Searching over 5,500,000 cases.

Buy This Entire Record For $7.95

Official citation and/or docket number and footnotes (if any) for this case available with purchase.

Learn more about what you receive with purchase of this case.

Sherland v. Sherland

Court of Appeals of Arkansas, Division IV

May 27, 2015


Editorial Note:

This opinion is uncorrected and subject to revision before publication in the printed official reporter.


Bailey & Oliver Law Firm, by: Frank H. Bailey, Sach D. Oliver, and T. Ryan Scott, for appellant.

Christopher R. Warthen, for appellee.




Appellant Charis Sherland appeals from the Lonoke County Circuit Court's appointment of her mother, appellee Terri Sherland, as guardian of Charis's daughter, N.S. (DOB: 9-18-04). On appeal, Charis argues that (1) the current interpretation of Arkansas Code Annotated section 28-65-204(a) (Supp. 2013) is unconstitutional and does not acknowledge the presumption that a fit parent acts in the best interest of her child, (2) the trial court erred in determining that a guardianship was desirable because there was no evidence that the allegations of sexual abuse were true, and (3) the trial court erred in failing to consider the natural-parent preference because the court had not found that she was unqualified or unsuitable. We affirm.

I. Procedural History

On May 30, 2013, Terri Sherland petitioned for emergency ex parte guardianship of her granddaughter because Charis's live-in boyfriend, Brandon Brewer, was accused of sexually abusing the child. Terri alleged that the Arkansas Department of Human Services had advised her to keep N.S. in her custody and that the matter was being investigated by the local police and the Crimes Against Children Division of the Arkansas State Police. Terri further alleged that Brewer had a history of physically abusing Charis and that Charis was pregnant with Brewer's child. The trial court appointed Terri as temporary guardian of N.S. in June 2013. Following a hearing in October 2013, the trial court continued the guardianship because of concerns that Charis had expressed doubt regarding the allegations of sexual abuse, that Brewer was said to be at Charis's residence " more often than not," and that Charis continued to have a significant, ongoing relationship with Brewer. Following another hearing in June 2014, the trial court entered an order finding that the applicable guardianship statutes are not unconstitutional and that it was in N.S.'s best interest for Terri to be appointed guardian. From that order comes this appeal.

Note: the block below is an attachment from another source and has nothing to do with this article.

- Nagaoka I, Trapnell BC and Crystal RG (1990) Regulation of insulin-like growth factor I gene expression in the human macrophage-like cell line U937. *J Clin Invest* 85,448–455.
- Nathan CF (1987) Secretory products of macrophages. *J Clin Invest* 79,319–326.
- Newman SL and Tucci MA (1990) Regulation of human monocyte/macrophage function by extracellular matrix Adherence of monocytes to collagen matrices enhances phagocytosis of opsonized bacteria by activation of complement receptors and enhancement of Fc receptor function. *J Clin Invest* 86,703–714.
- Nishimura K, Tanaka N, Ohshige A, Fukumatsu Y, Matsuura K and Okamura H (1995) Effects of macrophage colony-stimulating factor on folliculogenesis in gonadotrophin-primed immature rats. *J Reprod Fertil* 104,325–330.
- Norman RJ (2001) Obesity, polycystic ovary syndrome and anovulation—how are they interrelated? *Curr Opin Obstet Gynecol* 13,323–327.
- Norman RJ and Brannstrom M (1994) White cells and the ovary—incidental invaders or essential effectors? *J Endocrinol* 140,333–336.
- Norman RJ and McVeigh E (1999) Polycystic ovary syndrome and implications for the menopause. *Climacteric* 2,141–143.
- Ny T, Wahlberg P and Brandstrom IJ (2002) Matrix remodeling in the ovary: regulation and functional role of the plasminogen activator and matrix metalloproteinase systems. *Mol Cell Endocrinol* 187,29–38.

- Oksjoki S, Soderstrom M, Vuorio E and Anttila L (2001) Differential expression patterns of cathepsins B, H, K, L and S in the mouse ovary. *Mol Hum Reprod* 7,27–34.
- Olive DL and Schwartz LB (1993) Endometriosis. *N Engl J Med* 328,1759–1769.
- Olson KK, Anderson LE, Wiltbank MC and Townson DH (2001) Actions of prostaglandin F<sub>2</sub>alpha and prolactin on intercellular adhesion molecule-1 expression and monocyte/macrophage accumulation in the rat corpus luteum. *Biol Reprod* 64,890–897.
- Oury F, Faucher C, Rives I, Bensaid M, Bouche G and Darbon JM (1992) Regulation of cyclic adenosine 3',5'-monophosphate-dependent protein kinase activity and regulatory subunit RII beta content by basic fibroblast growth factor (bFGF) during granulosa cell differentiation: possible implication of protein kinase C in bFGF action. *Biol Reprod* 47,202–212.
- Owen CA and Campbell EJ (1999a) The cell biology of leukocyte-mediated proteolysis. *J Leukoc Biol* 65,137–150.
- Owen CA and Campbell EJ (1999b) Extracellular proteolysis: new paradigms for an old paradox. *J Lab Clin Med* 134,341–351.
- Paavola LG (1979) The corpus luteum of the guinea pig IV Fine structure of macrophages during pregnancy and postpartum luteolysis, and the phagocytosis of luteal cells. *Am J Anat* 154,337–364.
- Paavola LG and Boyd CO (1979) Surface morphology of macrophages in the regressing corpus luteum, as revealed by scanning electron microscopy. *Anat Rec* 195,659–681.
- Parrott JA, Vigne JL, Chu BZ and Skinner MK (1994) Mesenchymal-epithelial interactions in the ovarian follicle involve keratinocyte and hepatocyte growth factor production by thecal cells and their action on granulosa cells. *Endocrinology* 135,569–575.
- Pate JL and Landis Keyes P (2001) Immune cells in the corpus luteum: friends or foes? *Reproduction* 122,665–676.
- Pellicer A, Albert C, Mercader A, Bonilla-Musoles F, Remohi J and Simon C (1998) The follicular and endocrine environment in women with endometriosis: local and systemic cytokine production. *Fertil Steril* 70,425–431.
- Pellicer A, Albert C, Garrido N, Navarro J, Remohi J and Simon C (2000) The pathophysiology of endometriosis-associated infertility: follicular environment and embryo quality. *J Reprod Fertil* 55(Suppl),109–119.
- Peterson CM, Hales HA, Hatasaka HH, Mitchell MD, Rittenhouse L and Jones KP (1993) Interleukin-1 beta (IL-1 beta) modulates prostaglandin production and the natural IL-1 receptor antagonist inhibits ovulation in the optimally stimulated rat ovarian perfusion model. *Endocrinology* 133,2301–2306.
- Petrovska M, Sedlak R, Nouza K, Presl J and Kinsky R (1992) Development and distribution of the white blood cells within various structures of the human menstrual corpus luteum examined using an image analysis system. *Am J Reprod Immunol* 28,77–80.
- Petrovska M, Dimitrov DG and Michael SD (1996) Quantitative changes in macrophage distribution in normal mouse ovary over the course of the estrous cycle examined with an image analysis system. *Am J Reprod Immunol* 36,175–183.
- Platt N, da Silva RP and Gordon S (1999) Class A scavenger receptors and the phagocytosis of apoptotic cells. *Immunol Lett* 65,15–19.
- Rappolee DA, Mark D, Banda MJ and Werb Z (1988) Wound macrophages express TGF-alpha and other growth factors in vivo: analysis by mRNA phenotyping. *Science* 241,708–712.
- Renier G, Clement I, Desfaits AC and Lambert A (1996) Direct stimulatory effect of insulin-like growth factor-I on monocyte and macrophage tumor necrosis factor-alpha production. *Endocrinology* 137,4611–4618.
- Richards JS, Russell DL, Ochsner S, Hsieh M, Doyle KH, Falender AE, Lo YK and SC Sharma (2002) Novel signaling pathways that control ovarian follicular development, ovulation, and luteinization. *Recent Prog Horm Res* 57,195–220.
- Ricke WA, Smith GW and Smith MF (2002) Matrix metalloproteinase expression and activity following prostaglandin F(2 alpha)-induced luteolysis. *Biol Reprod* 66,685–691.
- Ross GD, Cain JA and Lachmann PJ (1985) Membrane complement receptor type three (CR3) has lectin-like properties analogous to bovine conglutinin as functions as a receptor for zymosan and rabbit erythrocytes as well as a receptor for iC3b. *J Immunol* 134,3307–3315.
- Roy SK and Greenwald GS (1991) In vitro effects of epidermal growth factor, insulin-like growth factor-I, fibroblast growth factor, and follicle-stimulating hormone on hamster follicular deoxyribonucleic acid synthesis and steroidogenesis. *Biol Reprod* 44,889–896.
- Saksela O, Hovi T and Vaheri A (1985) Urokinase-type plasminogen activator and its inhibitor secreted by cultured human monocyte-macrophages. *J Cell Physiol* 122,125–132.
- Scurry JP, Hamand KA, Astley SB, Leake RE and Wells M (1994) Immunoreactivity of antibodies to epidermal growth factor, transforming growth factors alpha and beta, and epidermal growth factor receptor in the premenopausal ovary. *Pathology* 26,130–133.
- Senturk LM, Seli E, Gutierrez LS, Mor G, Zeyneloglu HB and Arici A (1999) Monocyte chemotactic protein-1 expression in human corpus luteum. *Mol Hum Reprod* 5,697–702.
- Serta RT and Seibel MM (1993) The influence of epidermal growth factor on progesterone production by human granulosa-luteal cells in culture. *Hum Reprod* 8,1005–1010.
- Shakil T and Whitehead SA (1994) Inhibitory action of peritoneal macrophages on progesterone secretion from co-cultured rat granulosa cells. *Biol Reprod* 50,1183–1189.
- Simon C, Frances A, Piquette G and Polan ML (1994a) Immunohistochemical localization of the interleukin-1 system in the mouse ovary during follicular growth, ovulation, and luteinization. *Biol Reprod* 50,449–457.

II. Guardianship Statutes and Standard of Review

Before appointing a guardian, the court must be satisfied that (1) the person for whom a guardian is prayed is either a minor or otherwise incapacitated; (2) a guardianship is desirable to protect the interests of the incapacitated person; and (3) the person to be appointed guardian is qualified and suitable to act as such. Ark. Code Ann. § 28-65-210 (Supp. 2013). The parents of an unmarried minor, or either of them, if qualified and, in the opinion of the court, suitable, shall be preferred over all others for appointment as guardian of the person. Ark. Code Ann. § 28-65-204(a).

Our appellate courts review guardianship proceedings de novo, but we will not reverse a finding of fact by the circuit court unless it is clearly erroneous. Witham v. Beck, 2013 Ark.App. 351, 428 S.W.3d 537. A finding is clearly erroneous when, although there is evidence to support it, the reviewing court is left with a definite and firm conviction that a mistake has been made. Id. In cases involving children, we afford even more deference to the trial court's findings because our appellate courts have made it clear that there is no other case in which the superior position, ability, and opportunity of the trial judge to observe the parties carries a greater weight than one involving the custody of a child. Wilson v. Wilson, 2013 Ark.App. 759, 431 S.W.3d 369.

III. Hearing in June 2014

Terri testified that both Charis and N.S.'s former counselor had told N.S. to say that Brewer did not rape her. Terri stated that, because Charis had a baby with Brewer in October 2013, Charis will continue to have contact with him, which would be detrimental to N.S. Terri expressed concern that Charis would resent N.S. if Brewer were convicted of rape.

Shawnda Smith, mother of two of Brewer's children, testified that Brewer had physically abused her. Smith stated that she will be a witness in Brewer's trial for the rape of N.S. According to Smith, Brewer threatened her over the telephone with regard to her upcoming testimony and that she heard what she believed was Charis laughing in the background.